L ast week..okay last night, I was looking through someone’s Twitter account. Here I was checking in on her life, trying to find out what she was up to, who she was doing it with, scoping out her new beau and then it hit me. I felt like a creep. You see, this wasn’t someone I used to really date. And though I was acting like a jilted lover, I wasn’t. I was checking out the page of my former bestie. Why? Because no one prepared me for this interesting fact about adulthood: Friends break up, and the sh*t is just as heart-wrenching as ending things with someone you were banging.
There’s a running tweet that goes something like, “One day you and your friends went outside for the last time and no one knew it would be the last time.” I became instantly sad the day I first read it. I hate the fact that some of my childhood friendships are now reduced to memories. And I can’t figure out why. I mean, things were exponentially easier when we still saw each other in the hallways at school or at Friday night football games.
At 23, the concepts of toxic friendships and relationships are plastered everywhere: How to deal with them, how to get rid of them, and how to really find your tribe. The truth is I’ve found, lost, ditched and been discovered by more than a few dope (and not so dope) people.
People you thought would be around forever soon become the folks you dutifully check on every once in a while…via social media likes.
Ditching, or should I say shedding, folks is hard AF. We’ve all gone through it. We’ve all experienced that awkward phase when conversations don’t flow as easily as they used to, which leads to fewer phone conversations and, eventually, the weekly outings soon become every other month. Growing is a part of life but the hardest part of that is realizing that everyone won’t grow in the same direction or at the same pace. People you thought would be around forever soon become the folks you dutifully check on every once in a while…via social media likes.
I noticed this type of shift shortly after I graduated college in December of 2016. The friends I started undergraduate with were no longer in my direct circle. We were no longer just calling each other to spend hours on the phone or trading jokes through memes and Twitter DMs. I watched my friends branch off and hang with new people and I did the same. Although it was something different, it felt somewhat natural to do. We started wanting different things. And we gravitated to the folks who made that happen. It went unsaid, but we were noticeably losing our connection. Growing apart was never the aspect of friendship you discussed. And, let’s be frank, how do you tell someone they no longer fit into your life?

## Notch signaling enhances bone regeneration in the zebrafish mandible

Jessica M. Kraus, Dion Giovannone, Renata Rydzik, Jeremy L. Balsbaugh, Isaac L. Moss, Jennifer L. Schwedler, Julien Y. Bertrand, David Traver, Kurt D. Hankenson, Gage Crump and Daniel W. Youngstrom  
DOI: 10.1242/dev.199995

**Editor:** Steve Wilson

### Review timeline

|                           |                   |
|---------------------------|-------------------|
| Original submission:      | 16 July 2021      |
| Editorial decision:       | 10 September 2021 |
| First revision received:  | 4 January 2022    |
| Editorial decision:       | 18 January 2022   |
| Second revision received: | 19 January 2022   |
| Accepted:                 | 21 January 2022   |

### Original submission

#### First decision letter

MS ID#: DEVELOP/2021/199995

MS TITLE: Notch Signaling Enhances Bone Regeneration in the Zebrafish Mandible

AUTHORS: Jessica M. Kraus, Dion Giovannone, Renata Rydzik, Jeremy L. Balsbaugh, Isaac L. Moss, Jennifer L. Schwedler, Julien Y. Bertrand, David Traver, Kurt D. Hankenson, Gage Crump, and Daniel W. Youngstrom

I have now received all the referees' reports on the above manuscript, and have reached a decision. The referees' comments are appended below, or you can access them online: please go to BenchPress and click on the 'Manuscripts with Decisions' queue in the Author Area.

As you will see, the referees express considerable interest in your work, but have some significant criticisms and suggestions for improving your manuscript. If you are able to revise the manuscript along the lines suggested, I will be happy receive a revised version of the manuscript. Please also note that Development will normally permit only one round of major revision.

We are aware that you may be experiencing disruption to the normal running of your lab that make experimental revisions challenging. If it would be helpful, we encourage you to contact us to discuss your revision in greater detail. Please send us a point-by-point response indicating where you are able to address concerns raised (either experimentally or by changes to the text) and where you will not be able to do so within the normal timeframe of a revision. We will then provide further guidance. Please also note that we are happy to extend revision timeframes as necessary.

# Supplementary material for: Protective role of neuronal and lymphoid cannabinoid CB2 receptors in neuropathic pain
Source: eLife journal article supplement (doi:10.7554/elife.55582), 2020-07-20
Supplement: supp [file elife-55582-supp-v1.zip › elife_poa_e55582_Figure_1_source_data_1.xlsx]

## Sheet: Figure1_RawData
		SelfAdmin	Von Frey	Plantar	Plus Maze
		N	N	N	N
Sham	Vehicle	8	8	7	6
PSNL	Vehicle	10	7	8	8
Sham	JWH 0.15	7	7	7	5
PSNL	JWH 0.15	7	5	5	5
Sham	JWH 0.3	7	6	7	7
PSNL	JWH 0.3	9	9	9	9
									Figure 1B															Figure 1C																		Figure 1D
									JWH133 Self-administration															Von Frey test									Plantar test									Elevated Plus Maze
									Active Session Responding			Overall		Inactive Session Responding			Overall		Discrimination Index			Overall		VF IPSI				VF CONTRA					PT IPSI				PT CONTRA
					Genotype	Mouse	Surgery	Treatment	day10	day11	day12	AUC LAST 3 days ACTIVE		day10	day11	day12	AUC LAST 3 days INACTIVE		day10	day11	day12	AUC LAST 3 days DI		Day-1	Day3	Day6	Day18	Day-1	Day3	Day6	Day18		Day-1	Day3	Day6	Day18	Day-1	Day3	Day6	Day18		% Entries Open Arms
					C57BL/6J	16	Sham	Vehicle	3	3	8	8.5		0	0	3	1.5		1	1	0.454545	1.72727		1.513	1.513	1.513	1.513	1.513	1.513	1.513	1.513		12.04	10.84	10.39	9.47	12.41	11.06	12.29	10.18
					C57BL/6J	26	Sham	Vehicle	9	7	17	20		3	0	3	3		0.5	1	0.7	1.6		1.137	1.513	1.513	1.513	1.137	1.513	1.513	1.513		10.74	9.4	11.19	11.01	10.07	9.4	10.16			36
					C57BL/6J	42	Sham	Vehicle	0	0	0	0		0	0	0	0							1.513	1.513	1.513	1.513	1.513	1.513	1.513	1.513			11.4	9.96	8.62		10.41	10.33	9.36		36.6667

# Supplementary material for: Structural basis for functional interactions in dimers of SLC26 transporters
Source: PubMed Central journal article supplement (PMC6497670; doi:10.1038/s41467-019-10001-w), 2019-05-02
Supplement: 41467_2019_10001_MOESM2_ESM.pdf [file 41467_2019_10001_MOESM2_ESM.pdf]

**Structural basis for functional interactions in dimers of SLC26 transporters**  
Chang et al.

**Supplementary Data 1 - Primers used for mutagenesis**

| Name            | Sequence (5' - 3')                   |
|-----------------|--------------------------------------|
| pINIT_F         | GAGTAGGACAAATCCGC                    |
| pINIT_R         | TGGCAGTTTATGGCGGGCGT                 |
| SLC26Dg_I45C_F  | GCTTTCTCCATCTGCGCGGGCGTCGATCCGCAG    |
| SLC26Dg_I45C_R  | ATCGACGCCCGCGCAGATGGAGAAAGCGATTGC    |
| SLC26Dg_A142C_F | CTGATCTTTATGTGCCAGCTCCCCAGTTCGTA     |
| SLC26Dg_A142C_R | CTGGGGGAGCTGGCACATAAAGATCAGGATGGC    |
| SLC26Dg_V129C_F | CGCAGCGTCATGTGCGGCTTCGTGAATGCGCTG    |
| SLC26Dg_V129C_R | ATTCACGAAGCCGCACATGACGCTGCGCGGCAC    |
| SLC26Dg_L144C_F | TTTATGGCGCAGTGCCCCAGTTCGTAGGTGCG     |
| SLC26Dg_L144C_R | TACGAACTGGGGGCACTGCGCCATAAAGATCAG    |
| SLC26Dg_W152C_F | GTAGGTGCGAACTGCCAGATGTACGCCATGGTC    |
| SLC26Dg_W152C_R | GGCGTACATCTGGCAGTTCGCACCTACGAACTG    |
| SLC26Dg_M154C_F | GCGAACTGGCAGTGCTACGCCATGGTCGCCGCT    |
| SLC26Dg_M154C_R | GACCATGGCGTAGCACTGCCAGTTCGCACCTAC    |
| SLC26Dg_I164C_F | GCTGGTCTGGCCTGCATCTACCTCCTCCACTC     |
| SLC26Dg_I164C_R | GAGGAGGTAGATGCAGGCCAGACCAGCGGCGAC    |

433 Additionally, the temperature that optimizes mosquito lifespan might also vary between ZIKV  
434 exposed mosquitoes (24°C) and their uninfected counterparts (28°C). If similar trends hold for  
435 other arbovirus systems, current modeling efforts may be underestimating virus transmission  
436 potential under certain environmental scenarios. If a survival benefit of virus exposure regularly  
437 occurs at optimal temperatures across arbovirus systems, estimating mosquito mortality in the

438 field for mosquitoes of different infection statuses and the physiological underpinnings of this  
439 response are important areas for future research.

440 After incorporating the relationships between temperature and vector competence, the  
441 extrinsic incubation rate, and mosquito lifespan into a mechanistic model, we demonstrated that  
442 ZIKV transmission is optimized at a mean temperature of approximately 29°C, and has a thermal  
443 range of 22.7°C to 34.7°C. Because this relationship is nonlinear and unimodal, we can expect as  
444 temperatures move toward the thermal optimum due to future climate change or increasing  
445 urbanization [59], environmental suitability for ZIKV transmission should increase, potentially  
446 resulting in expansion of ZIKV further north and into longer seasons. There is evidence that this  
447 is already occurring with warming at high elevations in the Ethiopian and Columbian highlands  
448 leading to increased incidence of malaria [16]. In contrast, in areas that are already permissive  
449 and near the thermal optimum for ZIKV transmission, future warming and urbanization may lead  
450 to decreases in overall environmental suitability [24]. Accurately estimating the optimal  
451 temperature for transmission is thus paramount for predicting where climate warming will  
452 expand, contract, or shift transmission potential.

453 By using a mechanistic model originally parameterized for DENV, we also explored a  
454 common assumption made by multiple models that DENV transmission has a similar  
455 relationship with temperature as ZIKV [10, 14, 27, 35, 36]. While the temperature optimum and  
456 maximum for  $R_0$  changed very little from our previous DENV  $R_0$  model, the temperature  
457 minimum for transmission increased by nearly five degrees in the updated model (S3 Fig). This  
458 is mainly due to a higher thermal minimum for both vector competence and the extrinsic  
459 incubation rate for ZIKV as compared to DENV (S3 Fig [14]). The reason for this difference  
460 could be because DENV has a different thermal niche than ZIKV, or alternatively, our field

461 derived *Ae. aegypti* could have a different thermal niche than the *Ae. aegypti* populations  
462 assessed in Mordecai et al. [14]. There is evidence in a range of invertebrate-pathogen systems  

I know. People dismiss these transitions as part of growing up but relationships— friendships particularly— are not as black and white. What about the friends who just get you? I shared the deepest parts of myself, from life goals to family secrets, with friends I’m “no longer on the same page” with. What about all of our inside jokes!? No one prepared me for the sadness that would come from no longer having that kind of friend in your life. Friendships don’t go through couple’s counseling or support groups. Unlike a romantic relationship, when a friendship starts to fade, there’s no manual on how to put it back together.
I’ll be honest. It’s not always me being the “friend shedder” either. I’m not a huge fan of rejection, so having a friend pull away hurt a lot. It felt like that person was saying that she could go through life and experience the best parts— and maybe even the worst parts— without me. What did that mean about who I was or what we had?
I wish I would’ve known that a “day one” wouldn’t always be around on “day 1057.” Going through a “breakup” with a friend made me realize that we should seek closure and validation from our friend relationships as well as our romantic ones. Losing a “day one” or even a “day two” can feel like a death.
I didn’t choose my friends for superficial reasons. They became a part of my life, and my family, because we shared many similarities and at the same time, we brought something different to each other. This is a person I spent years getting to know. While there were no contracts that bound us together, no shared property, no money issues to fight over, no kids, domestic expectations, there is something that supersedes all of that: Love.
I’ve learned to give my friendships the consideration and effort I would extend to a romantic partner. If something is percolating, let’s talk it out. If it’s time to move on, let’s say it. Rejection, whether you’re doing or receiving it, is hard. Handle with care.
Gene B. Hunter is a freelance writer for CASSIUS.